“Right.” He could see the struggle on her face, the frown furrowing between her brows. She might’ve said yes if she didn’t have so many responsibilities now. “No dates, but the consolation prize is pie.”

Something flowed between them, a thing he’d never experienced before. All he could say was, “I’ll take apple.”

“You got it. But, listen, the prize thing was a joke. You’ve got to pay for it.” He laughed deeply, the third time she’d done it to him. He couldn’t remember when he’d last laughed before coming in here. It was that as much as her beauty that attracted him.

She stood, ducked back under the counter, and brought him a wide slice of pie.

He devoured it, savoring every bite, and watched her while she wiped down the counter and refilled the sugar dispensers. When he finished, a satisfied sigh escaped him. Duty called him for now, but if he could find an excuse to come back in and see the hard-working, charming waitress before he went back to New York, he wouldn’t hesitate.

He slid a twenty under the saucer for her. Her gaze slid back to land on him, and he tipped his hat in goodbye then slipped out the door.

Dominic took off his suit jacket and draped it over his arm, then began the mile-long trek to his parents’ home. He should’ve called a cab, but at this point it would take one at least a half-hour to get here and he didn’t want to put off the confrontation with his parents any longer.

By the time he got to the neighborhood where his parents lived now, perspiration made his skin sticky under his white dress shirt. He loosened his tie a bit and lifted a hand to wave at the elderly woman who lived down the street. She made him cookies whenever he visited. Probably because his mother was the least maternal person he knew.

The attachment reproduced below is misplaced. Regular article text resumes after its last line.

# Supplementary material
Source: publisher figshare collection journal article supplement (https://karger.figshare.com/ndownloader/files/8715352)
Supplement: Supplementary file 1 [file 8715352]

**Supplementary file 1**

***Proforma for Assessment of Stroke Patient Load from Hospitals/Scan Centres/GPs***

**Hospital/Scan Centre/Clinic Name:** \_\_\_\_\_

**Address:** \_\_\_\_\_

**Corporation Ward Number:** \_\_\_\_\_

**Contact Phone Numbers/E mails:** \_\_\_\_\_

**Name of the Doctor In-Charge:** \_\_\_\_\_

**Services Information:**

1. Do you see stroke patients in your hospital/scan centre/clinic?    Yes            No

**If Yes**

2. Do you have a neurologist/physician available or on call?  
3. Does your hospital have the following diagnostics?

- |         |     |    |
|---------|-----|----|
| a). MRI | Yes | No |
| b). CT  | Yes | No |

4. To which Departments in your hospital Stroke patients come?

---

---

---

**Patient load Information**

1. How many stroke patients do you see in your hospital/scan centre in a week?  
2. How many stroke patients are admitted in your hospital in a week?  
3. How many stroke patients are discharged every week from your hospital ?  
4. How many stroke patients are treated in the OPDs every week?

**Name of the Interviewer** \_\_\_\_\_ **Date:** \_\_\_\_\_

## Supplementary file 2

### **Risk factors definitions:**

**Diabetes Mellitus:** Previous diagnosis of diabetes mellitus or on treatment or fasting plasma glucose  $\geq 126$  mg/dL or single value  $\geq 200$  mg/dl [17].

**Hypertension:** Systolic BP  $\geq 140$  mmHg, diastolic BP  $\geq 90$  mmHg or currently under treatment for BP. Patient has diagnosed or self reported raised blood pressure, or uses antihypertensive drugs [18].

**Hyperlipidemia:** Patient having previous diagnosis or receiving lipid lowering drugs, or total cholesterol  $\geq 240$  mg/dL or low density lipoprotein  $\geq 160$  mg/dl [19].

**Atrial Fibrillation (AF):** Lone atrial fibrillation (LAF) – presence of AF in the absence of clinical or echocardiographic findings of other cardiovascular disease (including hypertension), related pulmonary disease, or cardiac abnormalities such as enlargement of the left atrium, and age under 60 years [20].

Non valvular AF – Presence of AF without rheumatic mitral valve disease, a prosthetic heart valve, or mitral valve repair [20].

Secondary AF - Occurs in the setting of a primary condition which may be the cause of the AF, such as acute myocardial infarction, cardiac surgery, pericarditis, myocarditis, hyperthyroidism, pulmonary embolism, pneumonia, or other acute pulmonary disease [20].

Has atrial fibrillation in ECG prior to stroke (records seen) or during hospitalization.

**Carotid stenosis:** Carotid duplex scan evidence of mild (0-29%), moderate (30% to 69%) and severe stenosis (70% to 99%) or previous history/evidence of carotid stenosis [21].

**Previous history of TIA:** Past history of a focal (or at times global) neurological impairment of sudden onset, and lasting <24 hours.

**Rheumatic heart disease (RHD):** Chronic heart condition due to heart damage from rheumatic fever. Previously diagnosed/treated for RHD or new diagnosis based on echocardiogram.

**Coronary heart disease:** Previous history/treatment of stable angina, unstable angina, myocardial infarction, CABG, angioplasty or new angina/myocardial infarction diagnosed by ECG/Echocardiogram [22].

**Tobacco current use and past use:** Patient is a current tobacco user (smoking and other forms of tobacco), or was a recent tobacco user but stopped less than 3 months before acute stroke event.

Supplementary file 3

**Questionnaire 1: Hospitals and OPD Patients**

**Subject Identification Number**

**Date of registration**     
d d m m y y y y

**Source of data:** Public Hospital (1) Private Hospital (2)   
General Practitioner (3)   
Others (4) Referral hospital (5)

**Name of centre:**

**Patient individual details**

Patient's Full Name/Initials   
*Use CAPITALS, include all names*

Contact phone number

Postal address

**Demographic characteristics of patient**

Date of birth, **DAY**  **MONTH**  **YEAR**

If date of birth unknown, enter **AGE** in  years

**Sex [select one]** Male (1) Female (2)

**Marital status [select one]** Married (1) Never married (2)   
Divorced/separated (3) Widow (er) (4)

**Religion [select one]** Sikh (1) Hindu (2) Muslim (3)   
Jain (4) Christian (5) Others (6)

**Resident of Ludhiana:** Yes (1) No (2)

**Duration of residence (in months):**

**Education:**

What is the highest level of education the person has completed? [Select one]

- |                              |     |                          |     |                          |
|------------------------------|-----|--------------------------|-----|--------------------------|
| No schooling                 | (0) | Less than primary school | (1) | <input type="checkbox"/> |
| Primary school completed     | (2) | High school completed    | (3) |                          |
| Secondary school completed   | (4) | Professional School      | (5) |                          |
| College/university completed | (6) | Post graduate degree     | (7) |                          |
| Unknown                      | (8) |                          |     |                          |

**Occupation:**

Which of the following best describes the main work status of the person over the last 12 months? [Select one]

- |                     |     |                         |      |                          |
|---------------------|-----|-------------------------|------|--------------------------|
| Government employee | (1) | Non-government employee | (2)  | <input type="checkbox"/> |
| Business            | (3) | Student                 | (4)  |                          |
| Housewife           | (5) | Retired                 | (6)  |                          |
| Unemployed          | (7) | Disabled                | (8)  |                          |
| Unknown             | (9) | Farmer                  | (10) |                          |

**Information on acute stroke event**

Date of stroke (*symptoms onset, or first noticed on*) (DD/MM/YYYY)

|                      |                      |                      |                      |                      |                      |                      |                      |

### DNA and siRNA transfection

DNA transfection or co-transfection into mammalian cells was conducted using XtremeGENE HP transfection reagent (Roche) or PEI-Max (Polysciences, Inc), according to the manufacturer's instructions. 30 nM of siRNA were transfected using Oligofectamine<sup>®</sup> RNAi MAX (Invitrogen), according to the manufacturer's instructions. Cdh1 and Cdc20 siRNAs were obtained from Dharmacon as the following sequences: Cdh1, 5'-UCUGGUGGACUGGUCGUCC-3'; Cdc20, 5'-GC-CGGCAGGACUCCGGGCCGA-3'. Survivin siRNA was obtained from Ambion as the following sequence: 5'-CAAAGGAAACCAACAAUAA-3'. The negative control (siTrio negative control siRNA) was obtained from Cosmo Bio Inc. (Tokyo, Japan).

When he arrived, he rang the doorbell, but no one—not even Mrs. C.—answered his summons. He turned the handle and pushed the door open. Inside, he could hear raised voices coming from the living room, and he followed them down the hall, across the polished tile floor.

“Mrs. C.?” He called out for the housekeeper, but again got no answer.

With a nudge, he pushed the six-paneled wooden door open. His father stood in front of him, his back to Dominic. Across the wide room, his mother’s face distorted like a monster and she picked up a crystal vase and threw it at his father.

It went wide and exploded to Dominic’s right. He winced away from it just as his mother noticed him standing there. His mother, Vivian, moved to stand by the window, a cigarette smoldering in one hand, and glared at his father.

His father, Benny, turned to him. Red splotches stood out prominently on Benny’s face. Blood trickled from a small cut the vase must’ve caused on his father’s cheek.

When Dominic’s grandfather had died, his dad had looked at him with disdain and said, “Well, I guess you can quit working now. Sit back; let his investments take care of you.” That was the only indication Benny had given that he resented being passed over for the wealth Dominic’s grandfather had accumulated.

Instead, Dominic had worked even harder, and the award he’d won last night was a much coveted one in the hospitality industry. His father had always underestimated him, and it always hit him in a way that made him want to prove the old man wrong. Every time.

“Where’s Layla?” Dominic asked, his voice soft. He knew where she was, but how would his parents respond to the question?

“How should we know?” his father replied.

Vivian began speaking in Italian, then paused. She considered using her mother’s tongue beneath her. “She’s gone,” she started over, her accent perfectly American. “And good riddance to her.”